The son of Don Beebe, Chad is taking a different path to the NFL. It’s not just that he has a Division I scholarship to his name – Don had to feature at Chadron State – but Beebe is less of a big play machine than his father. To compare him to another Chadron State alum, Beebe is more Danny Woodhead than he is Don.

Strengths: Great suddenness on comebacks and whip routes. Great ball tracking. Fantastic vision after the catch – demonstrated both in his YAC and his punt return ability. Very good lateral movement ability. Good use of headfakes and hip fakes. Does a good job shielding the ball from defensive backs. Willing to play physically; knows when to power through or avoid contact. Good use of hands at the route stem to aid separation.

Weaknesses: Not explosive out of his breaks. Doesn’t demonstrate significant acceleration, and speed builds up slowly. Doesn’t always adjust landmark for opponent coverage zones. Reliant on big plays for yardage, with very little in terms of intermediate gains – and still only earned 417 yards. Very high drop rate (15.2 percent of passes dropped, per Pro Football Focus, one of the worst in the FBS). Despite good ball tracking, has limited catch radius and small hands. Didn’t see the field very often (only 183 snaps in-route, about 40 percent of his team’s passing snaps).


The Vikings have certainly invested in potential kick returners, perhaps as a means of returning to the field position dominance they gained with Cordarrelle Patterson and Percy Harvin. Jeff Badet didn’t catch a ton of passes at Oklahoma – maybe a product of a promising receiving corps – he showed good kick return potential, supplemented with a blazing 4.34 40-second dash.

Strengths: His speed isn’t just a workout trick; it shows up in-game and he has a lot of deep-ball capability. He also had an explosive workout, and that has translated into vertical lift in game for balls that should be outside of his catch radius. Once the ball is in the air, he showcases good body positioning as well as the ability to create exclusive real estate – stacking defensive backs and protecting his hands. Also has good vision on screen passes and can be a home-run threat from the line of scrimmage. Good hands technique to catch ball outside of body.

Weaknesses: Route-running skills are mediocre and ability to beat press coverage at the line is lacking – needs to be an off-LOS deep threat like Mike Wallace or T.Y. Hilton. Unfortunately, doesn’t have the nuance of Wallace or Hilton as a receiver or the agility of either. Limited on route breaks, can’t sink hips or generate explosion at the stem. Stop-start needs work too, making simple comeback routes difficult as well. Not enough awareness of zone coverage, poor understanding of space against man coverage.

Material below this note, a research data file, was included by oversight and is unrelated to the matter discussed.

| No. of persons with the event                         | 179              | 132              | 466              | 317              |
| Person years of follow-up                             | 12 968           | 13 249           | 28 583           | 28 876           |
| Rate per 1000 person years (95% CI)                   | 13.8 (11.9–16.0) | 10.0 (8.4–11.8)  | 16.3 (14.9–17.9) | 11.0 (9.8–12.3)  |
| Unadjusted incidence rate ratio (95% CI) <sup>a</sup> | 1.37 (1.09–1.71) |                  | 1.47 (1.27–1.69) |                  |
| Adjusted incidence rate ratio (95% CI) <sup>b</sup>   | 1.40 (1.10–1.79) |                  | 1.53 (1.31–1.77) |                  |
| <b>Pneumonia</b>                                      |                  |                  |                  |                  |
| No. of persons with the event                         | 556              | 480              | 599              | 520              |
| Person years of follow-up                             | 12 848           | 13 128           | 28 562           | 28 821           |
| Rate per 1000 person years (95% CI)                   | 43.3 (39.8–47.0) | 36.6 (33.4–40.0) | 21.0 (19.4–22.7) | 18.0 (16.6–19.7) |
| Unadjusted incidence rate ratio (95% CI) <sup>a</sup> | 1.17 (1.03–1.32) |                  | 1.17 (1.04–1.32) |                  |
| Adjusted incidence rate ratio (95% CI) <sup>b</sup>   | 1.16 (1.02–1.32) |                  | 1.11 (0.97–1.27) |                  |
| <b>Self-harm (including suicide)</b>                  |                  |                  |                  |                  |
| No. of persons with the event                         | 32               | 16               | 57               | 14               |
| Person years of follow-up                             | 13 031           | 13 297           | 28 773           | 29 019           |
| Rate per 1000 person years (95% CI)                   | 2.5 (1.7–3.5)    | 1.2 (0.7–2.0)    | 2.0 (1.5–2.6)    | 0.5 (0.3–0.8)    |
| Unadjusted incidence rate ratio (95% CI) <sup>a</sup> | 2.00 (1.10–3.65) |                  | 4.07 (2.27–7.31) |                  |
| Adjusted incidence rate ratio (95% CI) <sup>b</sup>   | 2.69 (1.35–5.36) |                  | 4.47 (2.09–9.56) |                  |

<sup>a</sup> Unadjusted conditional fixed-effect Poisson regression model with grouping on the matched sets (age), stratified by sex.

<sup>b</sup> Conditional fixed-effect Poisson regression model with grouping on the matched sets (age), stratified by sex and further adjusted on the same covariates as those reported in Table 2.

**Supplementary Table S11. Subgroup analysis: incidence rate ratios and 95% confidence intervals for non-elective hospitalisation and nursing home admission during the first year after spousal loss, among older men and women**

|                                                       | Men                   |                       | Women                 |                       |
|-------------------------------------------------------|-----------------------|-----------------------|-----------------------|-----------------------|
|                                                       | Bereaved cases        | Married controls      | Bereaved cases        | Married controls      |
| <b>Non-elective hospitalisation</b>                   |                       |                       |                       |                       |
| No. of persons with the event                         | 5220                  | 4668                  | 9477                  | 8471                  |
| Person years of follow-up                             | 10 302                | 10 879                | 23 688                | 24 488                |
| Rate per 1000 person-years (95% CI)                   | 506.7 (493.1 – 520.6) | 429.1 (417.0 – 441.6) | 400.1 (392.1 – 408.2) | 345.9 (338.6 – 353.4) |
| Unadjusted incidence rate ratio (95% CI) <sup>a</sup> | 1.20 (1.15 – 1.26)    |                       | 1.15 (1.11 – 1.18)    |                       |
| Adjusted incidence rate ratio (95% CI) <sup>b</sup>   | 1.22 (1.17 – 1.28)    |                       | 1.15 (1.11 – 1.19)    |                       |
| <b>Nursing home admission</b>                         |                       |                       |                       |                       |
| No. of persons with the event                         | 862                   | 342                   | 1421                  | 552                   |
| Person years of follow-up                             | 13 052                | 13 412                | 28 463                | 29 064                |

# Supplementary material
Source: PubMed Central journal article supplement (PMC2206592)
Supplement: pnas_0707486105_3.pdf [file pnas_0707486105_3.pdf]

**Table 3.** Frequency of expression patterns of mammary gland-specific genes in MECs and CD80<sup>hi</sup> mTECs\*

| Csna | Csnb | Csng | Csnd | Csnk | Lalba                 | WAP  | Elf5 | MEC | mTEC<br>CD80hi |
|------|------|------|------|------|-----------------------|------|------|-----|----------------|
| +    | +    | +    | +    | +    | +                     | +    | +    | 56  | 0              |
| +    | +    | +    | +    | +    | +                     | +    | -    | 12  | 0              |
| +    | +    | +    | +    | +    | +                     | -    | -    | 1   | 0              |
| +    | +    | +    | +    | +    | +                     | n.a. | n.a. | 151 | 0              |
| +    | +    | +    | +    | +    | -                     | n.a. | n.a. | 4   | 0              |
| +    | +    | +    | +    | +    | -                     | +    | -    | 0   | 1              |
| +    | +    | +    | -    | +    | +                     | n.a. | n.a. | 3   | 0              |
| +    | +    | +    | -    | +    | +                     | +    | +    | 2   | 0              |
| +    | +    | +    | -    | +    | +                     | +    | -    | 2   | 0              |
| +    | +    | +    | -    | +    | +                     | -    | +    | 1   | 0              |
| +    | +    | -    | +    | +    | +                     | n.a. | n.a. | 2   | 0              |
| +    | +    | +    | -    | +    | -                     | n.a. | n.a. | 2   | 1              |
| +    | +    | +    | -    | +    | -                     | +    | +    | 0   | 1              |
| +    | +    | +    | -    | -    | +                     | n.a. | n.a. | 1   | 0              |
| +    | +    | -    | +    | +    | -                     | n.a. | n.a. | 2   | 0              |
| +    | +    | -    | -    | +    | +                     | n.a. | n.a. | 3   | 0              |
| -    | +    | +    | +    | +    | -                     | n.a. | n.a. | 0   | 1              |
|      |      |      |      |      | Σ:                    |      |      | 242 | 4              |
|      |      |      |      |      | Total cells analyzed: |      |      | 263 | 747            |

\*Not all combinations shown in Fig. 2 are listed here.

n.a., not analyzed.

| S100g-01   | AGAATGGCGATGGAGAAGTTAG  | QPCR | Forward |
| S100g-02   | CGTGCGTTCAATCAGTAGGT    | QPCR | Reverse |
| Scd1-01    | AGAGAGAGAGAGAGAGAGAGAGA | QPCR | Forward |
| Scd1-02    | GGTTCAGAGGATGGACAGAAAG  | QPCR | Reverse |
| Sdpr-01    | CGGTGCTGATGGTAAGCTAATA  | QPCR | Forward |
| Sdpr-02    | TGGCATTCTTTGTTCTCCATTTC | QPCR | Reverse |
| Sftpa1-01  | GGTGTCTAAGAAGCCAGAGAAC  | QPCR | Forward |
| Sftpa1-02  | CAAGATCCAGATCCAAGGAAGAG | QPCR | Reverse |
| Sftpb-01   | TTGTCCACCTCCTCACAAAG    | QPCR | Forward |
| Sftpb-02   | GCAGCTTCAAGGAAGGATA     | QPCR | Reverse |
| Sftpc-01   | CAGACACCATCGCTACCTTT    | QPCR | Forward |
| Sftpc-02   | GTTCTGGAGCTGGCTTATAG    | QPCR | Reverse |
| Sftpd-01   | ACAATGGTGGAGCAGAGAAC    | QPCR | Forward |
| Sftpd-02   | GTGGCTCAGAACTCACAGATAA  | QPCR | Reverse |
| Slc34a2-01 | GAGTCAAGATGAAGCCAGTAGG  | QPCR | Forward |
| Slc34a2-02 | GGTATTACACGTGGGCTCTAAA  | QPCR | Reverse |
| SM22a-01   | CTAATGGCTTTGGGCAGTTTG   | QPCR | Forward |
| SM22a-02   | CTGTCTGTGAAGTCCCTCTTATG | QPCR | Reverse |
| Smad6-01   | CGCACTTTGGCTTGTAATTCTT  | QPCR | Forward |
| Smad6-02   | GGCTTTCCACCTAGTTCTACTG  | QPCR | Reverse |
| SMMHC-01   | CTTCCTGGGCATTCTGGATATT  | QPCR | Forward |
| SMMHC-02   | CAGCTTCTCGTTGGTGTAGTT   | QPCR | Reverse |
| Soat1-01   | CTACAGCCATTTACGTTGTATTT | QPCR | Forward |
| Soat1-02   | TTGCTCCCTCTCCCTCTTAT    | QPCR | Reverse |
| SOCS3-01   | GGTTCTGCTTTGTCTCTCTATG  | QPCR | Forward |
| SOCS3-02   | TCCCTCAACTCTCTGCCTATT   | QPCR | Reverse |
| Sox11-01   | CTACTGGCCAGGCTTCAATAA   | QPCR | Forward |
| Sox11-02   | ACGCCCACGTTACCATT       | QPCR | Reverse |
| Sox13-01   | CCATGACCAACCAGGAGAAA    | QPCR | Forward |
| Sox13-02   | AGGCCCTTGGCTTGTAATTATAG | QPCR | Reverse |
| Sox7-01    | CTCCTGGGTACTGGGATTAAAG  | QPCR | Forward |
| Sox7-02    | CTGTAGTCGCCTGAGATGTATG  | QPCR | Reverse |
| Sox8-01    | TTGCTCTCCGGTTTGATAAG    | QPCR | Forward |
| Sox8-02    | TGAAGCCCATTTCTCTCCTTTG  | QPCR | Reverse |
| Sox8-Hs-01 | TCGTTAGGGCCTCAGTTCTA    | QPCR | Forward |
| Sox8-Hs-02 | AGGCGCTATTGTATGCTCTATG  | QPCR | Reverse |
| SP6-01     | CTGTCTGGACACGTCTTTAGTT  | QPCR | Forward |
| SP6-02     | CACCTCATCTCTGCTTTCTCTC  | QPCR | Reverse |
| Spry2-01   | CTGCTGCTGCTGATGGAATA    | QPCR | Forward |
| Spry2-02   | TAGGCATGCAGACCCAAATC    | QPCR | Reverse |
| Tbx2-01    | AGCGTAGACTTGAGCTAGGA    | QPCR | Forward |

CAYLEB JONES (suspended four games)

The Jones brothers have made offseason headlines for the wrong reasons, and though a college-era arrest made Cayleb the bigger risk between he and his brother Zay, it seems as if Cayleb for now represents the more stable option – even with a PED suspension. Despite being brothers, Zay and Cayleb don’t share many on-field characteristics, though both can thrive in the right circumstances.

Strengths: A big receiver with a massive frame and long arms, he knows where he wins and imposes it on smaller defensive backs. Good understanding of coverage concepts and can find holes in zones. Great sideline awareness and body control. Surprising agility for his size and can move in and out of breaks with more ease than other big-bodied receivers. Had issues breaking tackles in college but did a good job of it in the preseason as a rookie. Phenomenal at holding on to the ball through contact and a surprisingly reliable possession option. Large catch radius. Strength is an obvious asset.

Weaknesses: Lack of speed shows up immediately – deep-threat capability can only come from technique or size. Though “quick for his size,” his inherent limitations still put a damper on his route tree and overall effectiveness. Seemingly demonstrated solid hands technique in college, but in the preseason had poor hands technique on a number of occasions. High drop rate in college might confirm a cause for concern, but he was involved in a number of contested catches. At NFL level, contested catch capability needs to incorporate better body positioning and jump timing.


Check out the rest of the training camp guide:

Sam Ekstrom’s Position Battles
Sitting Brian O’Neill: Have “Developmental” Day Two Offensive Linemen Succeeded?
Pay Attention to Tryout Players
How to Watch Training Camp Drills
Can Kirk Cousins Be the Savior? (COMING SOON)